MPLS: The Importance of Access Choice

Tom O’Hagan, Managing Director of Virtual1, examines why in his opinion MPLS has to be the technology of choice when it comes to building wide area networks.

MPLS really has to be the technology of choice when it comes to building a Wide Area Network. There has been some dissent from some providers who believe that VPLS offers the same flexibility and capability but at a cheaper price, but this just isn’t technically accurate. Whilst the basic technical capabilities are fairly comparable – overall capacity, for example, or the ability to carry multiple types of traffic – VPLS simply does not have the scalability that MPLS can offer, nor the international geographic coverage, and at Virtual1 we consider it only for niche cases.

However, in my experience, whilst a debate about which transport technology is the most appropriate may occasionally occur, what is more important is the choice of access method for each individual site. After all, it is the access method in combination with the core technology that defines the true capabilities of each individual network.

One of the beauties of an MPLS network is that you can use any access method available at the site:  DSL, FTTC, EFM or Ethernet – all will allow you access to the MPLS network.  You can even use a different access method at each site. But these technologies are very, very different in their capabilities and a common issue we find is that businesses don’t really take this into account in enough detail – and are then frustrated when their network cannot deliver what was expected.

Much of this stems from the common misconception that what is important is capacity, that so long as there is enough capacity, everything will work as it should. Unfortunately this is not so. For example, FTTC offers speeds of up to 80Mb, which is more than enough to run both voice and data over the network. But FTTC is still a copper-to-the-premises product; it might well suffice for a home VoIP solution but, with no direct control over issues such as latency and jitter, a business-grade voice solution cannot be run effectively.

The need to address is this becoming greater now that businesses are beginning to move their applications to the Cloud. If your customer’s services and applications are hosted centrally in a datacentre then remote access to them needs to be fast and reliable to ensure the user experience is seamless. This means ensuring your access technology offers guaranteed latency – making Ethernet the only possible choice. Yet still we see businesses trying to access cloud services over nothing more than an ADSL connection. Hardly surprising then that businesses are finding cloud migration frustrating.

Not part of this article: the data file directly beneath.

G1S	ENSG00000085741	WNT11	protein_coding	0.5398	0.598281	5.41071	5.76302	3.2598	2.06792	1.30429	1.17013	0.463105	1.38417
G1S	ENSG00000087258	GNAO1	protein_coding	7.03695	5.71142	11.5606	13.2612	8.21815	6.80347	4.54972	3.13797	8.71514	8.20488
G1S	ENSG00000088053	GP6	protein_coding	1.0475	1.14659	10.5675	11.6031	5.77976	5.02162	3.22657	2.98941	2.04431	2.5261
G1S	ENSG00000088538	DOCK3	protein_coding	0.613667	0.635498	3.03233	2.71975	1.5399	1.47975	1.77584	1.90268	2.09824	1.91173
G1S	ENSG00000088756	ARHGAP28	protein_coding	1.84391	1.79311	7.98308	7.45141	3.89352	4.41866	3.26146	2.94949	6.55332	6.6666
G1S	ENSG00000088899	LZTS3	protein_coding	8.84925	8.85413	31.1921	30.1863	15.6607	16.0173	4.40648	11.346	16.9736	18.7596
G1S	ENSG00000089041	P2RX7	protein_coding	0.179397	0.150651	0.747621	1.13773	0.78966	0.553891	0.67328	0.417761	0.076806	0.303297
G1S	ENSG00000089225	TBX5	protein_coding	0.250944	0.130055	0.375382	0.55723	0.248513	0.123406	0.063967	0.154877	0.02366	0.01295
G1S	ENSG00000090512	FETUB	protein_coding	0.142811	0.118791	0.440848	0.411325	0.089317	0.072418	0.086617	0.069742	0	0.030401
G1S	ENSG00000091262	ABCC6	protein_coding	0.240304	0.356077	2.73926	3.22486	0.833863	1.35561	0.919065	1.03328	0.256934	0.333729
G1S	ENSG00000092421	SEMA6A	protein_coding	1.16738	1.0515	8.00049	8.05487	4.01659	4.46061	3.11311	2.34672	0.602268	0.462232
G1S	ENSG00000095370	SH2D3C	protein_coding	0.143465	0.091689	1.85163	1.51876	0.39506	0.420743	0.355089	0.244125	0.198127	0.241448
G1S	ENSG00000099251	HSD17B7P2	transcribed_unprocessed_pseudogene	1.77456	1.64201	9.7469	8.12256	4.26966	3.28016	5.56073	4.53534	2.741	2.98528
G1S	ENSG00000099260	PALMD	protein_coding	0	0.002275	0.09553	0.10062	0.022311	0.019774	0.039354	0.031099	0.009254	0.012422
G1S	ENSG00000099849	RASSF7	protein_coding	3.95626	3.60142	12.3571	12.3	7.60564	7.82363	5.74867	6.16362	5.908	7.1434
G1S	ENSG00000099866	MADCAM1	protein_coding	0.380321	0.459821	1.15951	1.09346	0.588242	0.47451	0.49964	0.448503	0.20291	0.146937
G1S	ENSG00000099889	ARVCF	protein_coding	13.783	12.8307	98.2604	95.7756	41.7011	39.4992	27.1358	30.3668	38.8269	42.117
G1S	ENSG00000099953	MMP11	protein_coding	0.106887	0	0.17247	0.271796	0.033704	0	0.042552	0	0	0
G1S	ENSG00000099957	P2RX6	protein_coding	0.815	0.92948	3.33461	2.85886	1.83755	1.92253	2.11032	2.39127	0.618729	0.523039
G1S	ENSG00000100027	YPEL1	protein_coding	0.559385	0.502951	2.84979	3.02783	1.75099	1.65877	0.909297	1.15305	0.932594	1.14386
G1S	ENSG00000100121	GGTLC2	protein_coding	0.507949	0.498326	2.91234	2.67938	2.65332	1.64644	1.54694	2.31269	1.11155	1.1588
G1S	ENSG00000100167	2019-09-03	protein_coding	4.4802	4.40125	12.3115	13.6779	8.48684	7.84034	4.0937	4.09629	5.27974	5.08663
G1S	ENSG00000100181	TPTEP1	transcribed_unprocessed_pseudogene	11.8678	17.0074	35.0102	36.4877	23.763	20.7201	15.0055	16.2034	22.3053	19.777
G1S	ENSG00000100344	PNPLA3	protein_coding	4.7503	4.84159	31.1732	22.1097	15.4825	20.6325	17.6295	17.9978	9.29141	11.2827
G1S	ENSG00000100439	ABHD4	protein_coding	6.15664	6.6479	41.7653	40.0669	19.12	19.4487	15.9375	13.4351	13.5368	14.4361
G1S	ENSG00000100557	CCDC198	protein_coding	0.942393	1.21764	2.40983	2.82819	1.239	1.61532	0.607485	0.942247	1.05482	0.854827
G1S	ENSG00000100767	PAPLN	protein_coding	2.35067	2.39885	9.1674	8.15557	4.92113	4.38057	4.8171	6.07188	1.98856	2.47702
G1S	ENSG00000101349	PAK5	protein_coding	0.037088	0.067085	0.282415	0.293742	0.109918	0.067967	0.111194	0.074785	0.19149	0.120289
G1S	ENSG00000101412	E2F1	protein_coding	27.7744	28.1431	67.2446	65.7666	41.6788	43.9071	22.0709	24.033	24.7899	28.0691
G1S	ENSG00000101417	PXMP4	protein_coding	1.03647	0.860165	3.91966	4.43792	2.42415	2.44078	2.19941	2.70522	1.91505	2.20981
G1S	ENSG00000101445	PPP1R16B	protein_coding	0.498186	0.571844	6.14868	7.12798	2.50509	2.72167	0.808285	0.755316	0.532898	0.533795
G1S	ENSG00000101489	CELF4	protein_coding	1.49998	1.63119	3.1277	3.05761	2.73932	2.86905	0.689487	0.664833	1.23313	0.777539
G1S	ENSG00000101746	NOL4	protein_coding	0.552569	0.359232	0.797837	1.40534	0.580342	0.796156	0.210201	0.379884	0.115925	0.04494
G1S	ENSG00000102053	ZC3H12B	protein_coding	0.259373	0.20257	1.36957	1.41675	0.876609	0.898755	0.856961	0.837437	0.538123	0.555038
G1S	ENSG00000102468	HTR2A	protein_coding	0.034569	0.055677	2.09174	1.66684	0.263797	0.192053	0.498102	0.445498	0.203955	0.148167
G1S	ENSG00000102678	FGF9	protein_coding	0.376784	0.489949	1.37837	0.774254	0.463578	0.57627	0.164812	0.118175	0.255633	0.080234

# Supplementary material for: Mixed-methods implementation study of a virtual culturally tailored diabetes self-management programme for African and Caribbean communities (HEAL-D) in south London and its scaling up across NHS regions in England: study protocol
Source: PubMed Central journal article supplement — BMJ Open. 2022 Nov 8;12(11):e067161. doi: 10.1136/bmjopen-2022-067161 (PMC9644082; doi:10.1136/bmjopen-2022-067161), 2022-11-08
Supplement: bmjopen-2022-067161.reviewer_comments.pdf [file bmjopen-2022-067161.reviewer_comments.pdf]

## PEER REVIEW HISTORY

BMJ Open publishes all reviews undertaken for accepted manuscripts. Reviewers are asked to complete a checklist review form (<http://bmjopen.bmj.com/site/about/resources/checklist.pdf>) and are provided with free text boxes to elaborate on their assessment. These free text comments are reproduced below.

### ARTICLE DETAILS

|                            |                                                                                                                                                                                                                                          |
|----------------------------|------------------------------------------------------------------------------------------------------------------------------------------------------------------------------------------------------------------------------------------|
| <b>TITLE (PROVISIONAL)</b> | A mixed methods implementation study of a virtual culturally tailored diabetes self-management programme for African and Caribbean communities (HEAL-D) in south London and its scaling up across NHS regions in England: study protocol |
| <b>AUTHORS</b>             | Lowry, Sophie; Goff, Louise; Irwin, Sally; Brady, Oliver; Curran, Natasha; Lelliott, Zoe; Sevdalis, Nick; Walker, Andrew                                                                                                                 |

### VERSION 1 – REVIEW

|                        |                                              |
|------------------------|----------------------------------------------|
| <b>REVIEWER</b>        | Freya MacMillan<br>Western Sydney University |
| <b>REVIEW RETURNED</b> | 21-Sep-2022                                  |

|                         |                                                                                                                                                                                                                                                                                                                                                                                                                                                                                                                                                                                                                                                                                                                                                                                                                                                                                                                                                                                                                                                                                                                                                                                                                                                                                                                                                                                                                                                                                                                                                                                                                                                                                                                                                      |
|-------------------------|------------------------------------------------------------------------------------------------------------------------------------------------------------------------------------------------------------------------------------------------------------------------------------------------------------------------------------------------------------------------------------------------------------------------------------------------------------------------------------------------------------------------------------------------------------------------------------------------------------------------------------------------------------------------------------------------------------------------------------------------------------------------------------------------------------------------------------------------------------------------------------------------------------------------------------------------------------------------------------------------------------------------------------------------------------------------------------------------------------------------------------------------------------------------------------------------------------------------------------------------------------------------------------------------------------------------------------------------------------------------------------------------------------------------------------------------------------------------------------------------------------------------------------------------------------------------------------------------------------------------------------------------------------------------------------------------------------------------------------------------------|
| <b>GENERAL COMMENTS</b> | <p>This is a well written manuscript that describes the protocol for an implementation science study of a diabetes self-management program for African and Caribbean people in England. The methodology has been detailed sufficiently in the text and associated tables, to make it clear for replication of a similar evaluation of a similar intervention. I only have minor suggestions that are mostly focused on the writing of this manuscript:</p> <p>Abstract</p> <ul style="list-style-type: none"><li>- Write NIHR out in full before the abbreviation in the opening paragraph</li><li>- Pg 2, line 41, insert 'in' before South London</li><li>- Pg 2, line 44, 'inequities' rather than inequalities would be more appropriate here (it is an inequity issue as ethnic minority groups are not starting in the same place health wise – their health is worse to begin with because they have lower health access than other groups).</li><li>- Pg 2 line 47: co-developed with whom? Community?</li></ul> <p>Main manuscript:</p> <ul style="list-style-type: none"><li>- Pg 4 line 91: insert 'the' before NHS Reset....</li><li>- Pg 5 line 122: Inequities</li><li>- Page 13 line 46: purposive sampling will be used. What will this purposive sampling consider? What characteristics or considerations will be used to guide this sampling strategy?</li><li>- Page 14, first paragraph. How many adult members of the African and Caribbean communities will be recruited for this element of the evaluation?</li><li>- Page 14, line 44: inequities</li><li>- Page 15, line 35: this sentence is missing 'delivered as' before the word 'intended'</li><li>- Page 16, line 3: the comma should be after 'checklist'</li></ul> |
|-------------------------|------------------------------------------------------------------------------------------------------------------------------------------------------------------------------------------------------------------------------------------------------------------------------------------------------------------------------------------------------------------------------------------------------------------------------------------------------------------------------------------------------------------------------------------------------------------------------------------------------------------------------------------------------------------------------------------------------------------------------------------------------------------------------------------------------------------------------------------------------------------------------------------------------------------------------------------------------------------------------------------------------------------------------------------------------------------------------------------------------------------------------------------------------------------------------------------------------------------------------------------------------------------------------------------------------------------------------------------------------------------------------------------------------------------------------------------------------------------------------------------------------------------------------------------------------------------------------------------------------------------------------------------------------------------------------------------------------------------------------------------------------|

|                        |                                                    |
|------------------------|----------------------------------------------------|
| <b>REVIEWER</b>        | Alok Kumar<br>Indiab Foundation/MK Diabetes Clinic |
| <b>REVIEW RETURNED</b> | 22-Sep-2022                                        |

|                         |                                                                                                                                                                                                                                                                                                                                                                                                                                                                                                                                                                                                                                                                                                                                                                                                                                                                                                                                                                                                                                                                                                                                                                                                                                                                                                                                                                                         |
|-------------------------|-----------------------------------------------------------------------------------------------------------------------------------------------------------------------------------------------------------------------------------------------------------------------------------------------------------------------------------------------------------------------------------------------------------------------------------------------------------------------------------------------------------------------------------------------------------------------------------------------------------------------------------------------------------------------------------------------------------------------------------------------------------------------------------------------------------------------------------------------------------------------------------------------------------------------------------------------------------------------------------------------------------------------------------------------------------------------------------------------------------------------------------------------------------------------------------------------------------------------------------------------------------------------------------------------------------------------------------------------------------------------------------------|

Backups are another area of concern. For example, one of our Partners recently suggested using ADSL backup for an EFM site. Normally this would be fine as it would enable the business to remain connected, albeit at a slightly slower speed. However, through discussions with the end customer, we knew that voice traffic from this site was also being run over the network – the main reason for using EFM in the first place. With only an ADSL backup in place, the voice traffic would be at risk, because, as with FTTC, you cannot prioritise traffic end-to-end on an ADSL circuit.

This solution wasn’t necessarily wrong, but it was essential the customer knew and was happy with the fact that the voice traffic wasn’t protected.

And that is the crux of the matter. Our job is to deliver a network that does what the customer expects it to – and if it doesn’t either through lack of communication or lack of qualification, then the blame lies with us. But this no bad thing – instead resellers should view this as an opportunity to differentiate themselves: by understanding not only the demands that will be placed on the overall network but understanding the needs of each site and recommending the correct access method to ensure those needs are met, resellers will position themselves as true network experts, and trusted partners on which their customers can rely.

MPLS Defined:

MPLS is a highly scalable, protocol agnostic, data-carrying mechanism. In an MPLS network, data packets are assigned labels. Packet-forwarding decisions are made solely on the contents of this label, without the need to examine the packet itself. This allows one to create end-to-end circuits across any type of transport medium, using any protocol. The primary benefit is to eliminate dependence on a particular OSI model data link layer technology, such as Asynchronous Transfer Mode (ATM), Frame Relay, Synchronous Optical Networking (SONET) or Ethernet, and eliminate the need for multiple layer-2 networks to satisfy different types of traffic. MPLS belongs to the family of packet-switched networks.

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David Dungay

Editor - Comms Business Magazine

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